Saturday, June 5, 2010

It’s a bright and beautiful morning in Arezzo and I’m standing on the rooftop terrace of the Hotel Continentale surveying the city streets. Directly below me is Piazza Guido Monaco, a small octagonal park named for the Benedictine monk who invented musical notation. Beyond, an assortment of stone towers dot the landscape, including that of Santa Maria della Pieve, but the overall effect is a mixture old and new, owing to the fact that much of Arezzo was bombed heavily in the war, especially here near the railway station.

In a newspaper account published by The Times on July 16, 1944, it was said that the “main street through the town… was a melancholy line of battered shop fronts and doorways.” And yet, “at the end of this sombre route one came to the Piazza del Duomo and it was a refreshing sight. There stood Arezzo’s fine cathedral, serene on its height above the streets of the town and remote from the damage and havoc that war had wrought below.”

Today, the city has risen from the rubble and rebuilt itself around its surviving landmarks, and when I see the cathedral perched high on the hill in the distance, the miracle of its survival makes me smile.

It’s a Saturday morning and the streets are already teeming with people, and I can see a row of white canopy tents that have appeared overnight for the Fiera Antiquaria, Arezzo’s monthly antiques fair. I’ve been told that it’s the oldest and the largest of its kind in Italy, with over five hundred booths that wind up the hill past Piazza San Francesco to the duomo, then back by the Palazzo Comunale, and under the Vasari Loggia, before spilling out into Piazza Grande. Aside from the convenience of the city’s railway hub, this is the main reason for my visit, so I rush to the elevator, eager to descend and join the crowd.

In truth, there isn’t much I can afford, or for that matter, fit into my suitcase, but I thoroughly enjoy wandering the hilly streets nevertheless. There are chairs and tables and wrought iron beds, stacks of books and prints and gilded picture frames, porcelain figurines and ceramic bowls. I fall in love with a pair of 19th century paintings of the Ponte Vecchio in Florence and a beautiful landscape by Pier-Antonio Gariazzo, but in the end seize upon a small and far more affordable pair of modern paintings, each depicting people browsing an Italian antiques market, just as I have done all morning. Whether art imitates life, or life imitates art, I head back to the hotel thrilled with the purchase.

It’s nearly 1:00 PM and while I had originally thought I might head to Florence for the afternoon, I’m feeling as lazy as Henry James and want nothing more than a pretty place to explore in a thoroughly “uninvestigating fashion.” I decide to catch the bus to Cortona instead, a tiny hill town made famous by Frances Mayes in her memoir Under the Tuscan Sun, and when I arrive there at Piazza Garibaldi an hour later, and gaze out across the hills, lakes, and valleys of neighboring Umbria, I’m glad I came.

I begin to follow the narrow straight line that is Via Nazionale towards what my map tells me is the center of town—Piazza della Repubblica and the Palazzo Comunale—but I stop off along the way for a late lunch at Tuscher Caffé. I sit back and relax at a small table by the side of the street with a gorgeous plate of cured meats, bruschetta, and pecorino cheese before me, as well as a glass of chilled prosecco. Truly, it doesn’t get much better than that.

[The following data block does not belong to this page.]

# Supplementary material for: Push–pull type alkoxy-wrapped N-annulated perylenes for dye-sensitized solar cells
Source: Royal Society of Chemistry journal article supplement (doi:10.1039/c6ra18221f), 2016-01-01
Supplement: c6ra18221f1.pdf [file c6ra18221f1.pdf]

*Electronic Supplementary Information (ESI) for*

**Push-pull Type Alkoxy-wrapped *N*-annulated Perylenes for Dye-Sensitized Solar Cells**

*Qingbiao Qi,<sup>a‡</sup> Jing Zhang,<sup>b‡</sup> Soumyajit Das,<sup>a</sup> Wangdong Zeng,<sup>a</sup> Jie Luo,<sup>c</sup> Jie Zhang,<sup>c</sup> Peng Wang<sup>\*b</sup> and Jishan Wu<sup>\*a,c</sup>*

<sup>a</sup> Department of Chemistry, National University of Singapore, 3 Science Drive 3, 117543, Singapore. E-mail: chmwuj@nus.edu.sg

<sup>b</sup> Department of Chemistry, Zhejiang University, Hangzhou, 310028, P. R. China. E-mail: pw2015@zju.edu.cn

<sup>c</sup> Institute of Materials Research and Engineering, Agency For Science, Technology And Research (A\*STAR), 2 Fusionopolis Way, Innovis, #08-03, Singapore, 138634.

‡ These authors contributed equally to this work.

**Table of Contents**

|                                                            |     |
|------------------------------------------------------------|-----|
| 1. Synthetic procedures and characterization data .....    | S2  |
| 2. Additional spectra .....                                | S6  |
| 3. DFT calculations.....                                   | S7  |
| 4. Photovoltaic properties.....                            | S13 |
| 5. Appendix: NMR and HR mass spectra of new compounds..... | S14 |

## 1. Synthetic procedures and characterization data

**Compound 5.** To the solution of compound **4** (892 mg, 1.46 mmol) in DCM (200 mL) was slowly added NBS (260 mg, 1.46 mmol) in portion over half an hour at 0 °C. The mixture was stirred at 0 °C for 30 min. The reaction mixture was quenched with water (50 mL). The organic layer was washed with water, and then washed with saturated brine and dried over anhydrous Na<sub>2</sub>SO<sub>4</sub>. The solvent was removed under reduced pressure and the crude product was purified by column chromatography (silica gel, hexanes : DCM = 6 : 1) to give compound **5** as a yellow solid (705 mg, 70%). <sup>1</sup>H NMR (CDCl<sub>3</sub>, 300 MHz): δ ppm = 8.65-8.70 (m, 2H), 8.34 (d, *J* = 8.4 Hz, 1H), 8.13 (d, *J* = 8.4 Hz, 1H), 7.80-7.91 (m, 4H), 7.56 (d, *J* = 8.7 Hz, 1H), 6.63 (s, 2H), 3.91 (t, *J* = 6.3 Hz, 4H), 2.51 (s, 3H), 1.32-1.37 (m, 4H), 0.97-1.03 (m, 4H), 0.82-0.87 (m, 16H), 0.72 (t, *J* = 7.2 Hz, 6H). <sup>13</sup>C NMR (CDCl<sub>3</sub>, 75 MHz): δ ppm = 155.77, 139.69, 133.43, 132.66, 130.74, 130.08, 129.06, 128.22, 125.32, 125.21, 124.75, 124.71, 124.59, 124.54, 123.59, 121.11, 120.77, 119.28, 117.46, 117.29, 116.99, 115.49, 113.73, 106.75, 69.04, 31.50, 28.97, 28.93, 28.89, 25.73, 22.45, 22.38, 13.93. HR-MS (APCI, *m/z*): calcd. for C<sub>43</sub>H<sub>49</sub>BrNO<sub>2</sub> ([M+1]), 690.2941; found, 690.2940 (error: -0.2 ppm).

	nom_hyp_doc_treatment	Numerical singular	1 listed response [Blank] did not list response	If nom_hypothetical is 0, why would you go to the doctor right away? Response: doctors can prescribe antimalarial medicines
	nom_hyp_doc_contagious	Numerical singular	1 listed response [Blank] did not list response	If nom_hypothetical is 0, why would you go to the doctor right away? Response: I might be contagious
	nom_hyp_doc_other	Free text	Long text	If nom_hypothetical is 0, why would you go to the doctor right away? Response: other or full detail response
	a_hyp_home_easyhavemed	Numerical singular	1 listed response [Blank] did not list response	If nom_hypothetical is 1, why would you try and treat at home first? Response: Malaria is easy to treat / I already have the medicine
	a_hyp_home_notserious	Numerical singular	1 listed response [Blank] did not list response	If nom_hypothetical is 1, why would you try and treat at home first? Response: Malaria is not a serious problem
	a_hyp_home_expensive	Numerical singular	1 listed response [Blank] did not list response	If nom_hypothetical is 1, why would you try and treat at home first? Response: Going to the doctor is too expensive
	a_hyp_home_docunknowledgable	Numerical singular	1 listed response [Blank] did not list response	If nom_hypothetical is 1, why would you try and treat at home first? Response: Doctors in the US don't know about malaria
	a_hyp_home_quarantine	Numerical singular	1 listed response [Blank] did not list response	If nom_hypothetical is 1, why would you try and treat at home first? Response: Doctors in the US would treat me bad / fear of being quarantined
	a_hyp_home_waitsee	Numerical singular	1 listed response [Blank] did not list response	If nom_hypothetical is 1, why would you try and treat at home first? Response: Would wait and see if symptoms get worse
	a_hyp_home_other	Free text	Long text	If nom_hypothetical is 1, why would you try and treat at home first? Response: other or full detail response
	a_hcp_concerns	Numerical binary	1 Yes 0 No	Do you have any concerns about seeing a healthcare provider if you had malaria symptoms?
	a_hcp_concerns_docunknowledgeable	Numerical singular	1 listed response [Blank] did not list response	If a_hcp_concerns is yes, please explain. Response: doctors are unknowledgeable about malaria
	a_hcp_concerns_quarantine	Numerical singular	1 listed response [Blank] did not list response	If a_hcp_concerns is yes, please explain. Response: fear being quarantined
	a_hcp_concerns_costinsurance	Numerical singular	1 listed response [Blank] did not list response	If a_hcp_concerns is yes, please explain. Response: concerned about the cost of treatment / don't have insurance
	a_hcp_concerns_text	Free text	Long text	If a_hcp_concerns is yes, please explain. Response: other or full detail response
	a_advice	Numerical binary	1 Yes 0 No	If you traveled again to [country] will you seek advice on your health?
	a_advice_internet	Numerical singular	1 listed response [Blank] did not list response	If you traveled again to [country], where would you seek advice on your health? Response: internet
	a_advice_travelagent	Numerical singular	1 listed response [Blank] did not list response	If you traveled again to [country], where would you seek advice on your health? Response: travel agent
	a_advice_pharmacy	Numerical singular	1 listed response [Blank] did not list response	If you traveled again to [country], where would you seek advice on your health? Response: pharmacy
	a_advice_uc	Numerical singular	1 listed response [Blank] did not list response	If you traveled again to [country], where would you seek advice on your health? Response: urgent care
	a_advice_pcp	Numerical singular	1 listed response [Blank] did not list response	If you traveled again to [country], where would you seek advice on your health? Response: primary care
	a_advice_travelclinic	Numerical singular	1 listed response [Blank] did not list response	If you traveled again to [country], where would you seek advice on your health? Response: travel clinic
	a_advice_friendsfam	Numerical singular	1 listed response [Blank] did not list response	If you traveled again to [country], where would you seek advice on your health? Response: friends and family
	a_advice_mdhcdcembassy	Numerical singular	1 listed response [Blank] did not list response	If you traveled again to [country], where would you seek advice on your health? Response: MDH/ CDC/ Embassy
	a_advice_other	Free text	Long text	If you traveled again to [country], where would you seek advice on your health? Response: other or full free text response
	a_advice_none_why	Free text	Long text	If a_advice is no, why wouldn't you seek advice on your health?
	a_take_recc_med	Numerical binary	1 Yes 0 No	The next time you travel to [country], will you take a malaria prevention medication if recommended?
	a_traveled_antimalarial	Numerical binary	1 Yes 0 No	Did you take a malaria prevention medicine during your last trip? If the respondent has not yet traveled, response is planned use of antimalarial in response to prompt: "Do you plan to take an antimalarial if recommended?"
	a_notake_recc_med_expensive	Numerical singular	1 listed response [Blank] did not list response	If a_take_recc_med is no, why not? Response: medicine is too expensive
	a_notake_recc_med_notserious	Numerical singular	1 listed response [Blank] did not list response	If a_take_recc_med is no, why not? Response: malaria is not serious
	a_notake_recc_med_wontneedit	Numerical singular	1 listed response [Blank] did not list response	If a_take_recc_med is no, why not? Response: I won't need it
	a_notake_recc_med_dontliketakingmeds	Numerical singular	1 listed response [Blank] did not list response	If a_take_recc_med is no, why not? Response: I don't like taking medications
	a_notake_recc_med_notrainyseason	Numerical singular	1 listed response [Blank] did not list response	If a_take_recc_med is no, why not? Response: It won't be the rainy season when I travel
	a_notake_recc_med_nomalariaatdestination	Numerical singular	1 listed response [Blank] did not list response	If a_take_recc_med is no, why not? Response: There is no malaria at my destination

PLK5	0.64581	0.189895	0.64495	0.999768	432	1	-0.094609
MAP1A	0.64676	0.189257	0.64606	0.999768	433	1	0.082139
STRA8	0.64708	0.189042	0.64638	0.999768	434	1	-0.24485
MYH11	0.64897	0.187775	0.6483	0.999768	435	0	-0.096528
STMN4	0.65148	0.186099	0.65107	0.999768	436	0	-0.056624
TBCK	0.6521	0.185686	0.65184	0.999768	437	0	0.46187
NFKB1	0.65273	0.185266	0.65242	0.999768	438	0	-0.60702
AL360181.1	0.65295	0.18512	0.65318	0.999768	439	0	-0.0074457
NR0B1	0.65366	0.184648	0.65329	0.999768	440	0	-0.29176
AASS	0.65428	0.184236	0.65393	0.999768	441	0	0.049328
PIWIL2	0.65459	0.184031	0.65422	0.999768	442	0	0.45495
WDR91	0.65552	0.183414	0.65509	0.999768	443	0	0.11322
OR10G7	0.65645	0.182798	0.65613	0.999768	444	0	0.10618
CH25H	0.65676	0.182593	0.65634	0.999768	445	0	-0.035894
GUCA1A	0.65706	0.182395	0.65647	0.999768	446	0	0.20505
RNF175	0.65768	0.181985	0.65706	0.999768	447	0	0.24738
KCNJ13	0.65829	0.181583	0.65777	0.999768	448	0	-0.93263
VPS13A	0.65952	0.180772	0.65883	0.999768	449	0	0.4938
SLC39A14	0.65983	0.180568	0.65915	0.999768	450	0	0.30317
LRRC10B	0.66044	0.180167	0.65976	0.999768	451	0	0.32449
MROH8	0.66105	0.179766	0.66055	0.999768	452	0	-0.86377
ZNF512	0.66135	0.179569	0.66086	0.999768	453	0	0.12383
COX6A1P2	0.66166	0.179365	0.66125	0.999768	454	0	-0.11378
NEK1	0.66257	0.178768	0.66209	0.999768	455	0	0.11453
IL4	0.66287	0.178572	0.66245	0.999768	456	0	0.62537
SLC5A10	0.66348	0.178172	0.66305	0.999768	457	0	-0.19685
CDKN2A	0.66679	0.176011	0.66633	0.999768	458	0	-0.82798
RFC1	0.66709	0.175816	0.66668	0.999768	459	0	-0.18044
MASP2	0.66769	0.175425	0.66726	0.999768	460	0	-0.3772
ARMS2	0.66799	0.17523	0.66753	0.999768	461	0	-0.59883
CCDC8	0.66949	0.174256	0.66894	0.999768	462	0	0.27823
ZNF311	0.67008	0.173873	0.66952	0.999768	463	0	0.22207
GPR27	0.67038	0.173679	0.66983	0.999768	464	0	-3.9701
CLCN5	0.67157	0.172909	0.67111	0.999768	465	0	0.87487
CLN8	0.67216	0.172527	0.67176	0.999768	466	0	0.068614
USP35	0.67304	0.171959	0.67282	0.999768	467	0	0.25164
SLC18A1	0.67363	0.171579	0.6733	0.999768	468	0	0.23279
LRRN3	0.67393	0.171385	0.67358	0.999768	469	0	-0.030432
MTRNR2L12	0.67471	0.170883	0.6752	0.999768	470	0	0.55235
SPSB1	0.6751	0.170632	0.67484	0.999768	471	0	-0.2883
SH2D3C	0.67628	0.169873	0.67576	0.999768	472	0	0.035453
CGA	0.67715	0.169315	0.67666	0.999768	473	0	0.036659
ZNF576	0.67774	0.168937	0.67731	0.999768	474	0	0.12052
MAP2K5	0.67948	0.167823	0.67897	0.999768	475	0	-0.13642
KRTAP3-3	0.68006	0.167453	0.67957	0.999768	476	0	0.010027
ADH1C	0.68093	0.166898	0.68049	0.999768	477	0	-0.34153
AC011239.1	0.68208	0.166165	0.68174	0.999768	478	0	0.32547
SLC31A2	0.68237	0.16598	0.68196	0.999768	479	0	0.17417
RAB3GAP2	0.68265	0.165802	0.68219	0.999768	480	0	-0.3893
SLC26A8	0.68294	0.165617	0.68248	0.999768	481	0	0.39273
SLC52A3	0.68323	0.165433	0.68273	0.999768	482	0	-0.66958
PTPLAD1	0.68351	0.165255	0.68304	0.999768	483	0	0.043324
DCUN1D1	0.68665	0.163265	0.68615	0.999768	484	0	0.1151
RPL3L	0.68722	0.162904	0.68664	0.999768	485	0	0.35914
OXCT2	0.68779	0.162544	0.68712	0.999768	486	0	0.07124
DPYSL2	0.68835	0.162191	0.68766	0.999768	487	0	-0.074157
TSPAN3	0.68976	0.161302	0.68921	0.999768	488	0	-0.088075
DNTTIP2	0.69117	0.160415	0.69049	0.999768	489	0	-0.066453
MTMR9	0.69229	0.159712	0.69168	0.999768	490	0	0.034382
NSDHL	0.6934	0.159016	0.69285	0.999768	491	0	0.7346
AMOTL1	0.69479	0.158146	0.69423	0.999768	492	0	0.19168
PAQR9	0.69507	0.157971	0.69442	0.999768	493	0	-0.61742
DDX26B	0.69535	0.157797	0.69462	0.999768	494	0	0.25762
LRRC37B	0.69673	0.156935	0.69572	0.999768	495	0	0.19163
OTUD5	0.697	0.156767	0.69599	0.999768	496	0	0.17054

Half of the Palazzo Comunale is wrapped in scaffolding, which is a bit of a disappointment, but the town itself is not. It has a romantic, easy charm and the hours slip by gently on the mind, if not the body, for Cortona is a hill town indeed, and on either side of Via Nazionale, there are alleys and stairways that branch off into breath-robbing inclines. I shop for ceramics, eat some gelato, and peer down Etruscan wells, walk down to the church of Santa Maria Assunta, the town’s duomo, and stop into the adjacent Diocesan Museum to see works by Luca Signorelli and Fra Angelico. But mainly, I just walk, as far as my legs will take me, out along the walls for another sweeping view of Lake Trasimene and the Val di Chiana, all the way back to the shade of the Parterre gardens. Somewhere along the way, I fill the last space on the first of my camera’s 8 GB storage cards and reach into my bag for another, wondering if I will make it through the rest of my trip at this pace.

It’s just after 7:00 PM when I finally catch the bus back to Arezzo. I sink back into the seat and enjoy chatting with a young Korean student living in Florence, whose name is Yun-Mi, but who asks that I call her Stella, which she says is her English name. She is as amiable a traveling companion as I could hope for, and her facility with languages impresses me deeply, and not only because she is far more capable than I in confirming our route with the driver.

Back in Arezzo, a deep fatigue has started to set in. My legs are aching, and yet my stomach is growling like mad. From the bus stop in the piazza, I head up Via Guido Monaco to a kabob shop and order a sandwich and a can of Coca-Cola to go. I slump back to the hotel feeling guilty. After all, I should be dining on classic Tuscan fare—a steaming bowl of Acquacotta, or a juicy Chianina steak—but alas, what I crave most is sleep. Exhaustion is, perhaps, something Henry James would have understood when he wrote of “the familiar tax on the luxury of loving Italy.”

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